A key part of the Brexit negotiations has been the border that separates Northern Ireland and the Republic of Ireland.
The border is a matter of great political, security and diplomatic sensitivity in Ireland.
Therefore the UK and EU agreed that whatever happens as a result of Brexit there should be no new physical checks or infrastructure at the frontier.
This is where the controversial “backstop” comes in.
At present, goods and services are traded between the two jurisdictions with few restrictions.
That is because the UK and Ireland are part of the EU’s single market and customs union, so products do not need to be inspected for customs or standards.
But after Brexit, all that could change – the two parts of Ireland could be in different customs and regulatory regimes, which could mean products being checked at the border.
The preference of both sides is to prevent this happening through a deep and comprehensive trade deal.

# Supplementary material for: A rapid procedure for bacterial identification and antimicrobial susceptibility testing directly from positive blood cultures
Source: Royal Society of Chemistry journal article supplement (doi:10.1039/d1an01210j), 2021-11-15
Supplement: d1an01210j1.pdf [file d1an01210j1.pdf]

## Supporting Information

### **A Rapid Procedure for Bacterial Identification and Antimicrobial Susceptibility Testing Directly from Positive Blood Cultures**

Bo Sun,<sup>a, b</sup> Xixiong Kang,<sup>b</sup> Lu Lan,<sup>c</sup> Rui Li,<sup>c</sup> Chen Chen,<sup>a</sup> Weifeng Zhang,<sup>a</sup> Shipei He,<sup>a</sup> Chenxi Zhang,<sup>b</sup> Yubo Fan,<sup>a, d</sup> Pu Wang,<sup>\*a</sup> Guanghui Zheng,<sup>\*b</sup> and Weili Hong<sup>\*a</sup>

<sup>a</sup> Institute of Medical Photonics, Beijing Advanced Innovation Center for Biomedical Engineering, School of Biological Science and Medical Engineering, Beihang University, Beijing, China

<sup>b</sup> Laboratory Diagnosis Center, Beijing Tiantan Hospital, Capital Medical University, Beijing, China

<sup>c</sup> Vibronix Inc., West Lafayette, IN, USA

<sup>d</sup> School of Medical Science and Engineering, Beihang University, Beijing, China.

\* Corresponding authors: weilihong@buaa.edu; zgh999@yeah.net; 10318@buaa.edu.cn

However, the UK’s ambition to leave the customs union and the single market, could make that very difficult.
And if both sides couldn’t reach agreement on a deal keeping the border as open as it is now – that’s where the backstop would come in.
So how might it it work? There are several options:
This is what the EU originally proposed.
It would involve Northern Ireland alone remaining in the EU’s single market and customs union, leaving Great Britain (England, Scotland and Wales) free to strike trade deals.
But the DUP – a Northern Ireland unionist party that propped up Theresa May’s minority Conservative government – objected to this.
It said it would see Northern Ireland treated differently and could threaten the union.
Boris Johnson has also specifically ruled this out.
After the DUP’s objections, Mrs May agreed a backstop involving the whole of the UK retaining a very close relationship with the EU – staying in the customs union – for an indefinite period.
It would also see Northern Ireland staying even more closely tied to some rules of the EU single market.
These arrangements would apply unless and until both the EU and UK agree they are no longer necessary.
he backstop would not apply if the UK left the EU without a deal but the potential problems with the border would remain.
The backstop plan was agreed by UK-EU negotiators and formed part of Theresa May’s withdrawal agreement in November 2018 (often referred to as the Brexit “divorce deal”).
It sparked a backlash from many Conservative MPs (and the DUP) at Westminster and several of her own ministers resigned in protest.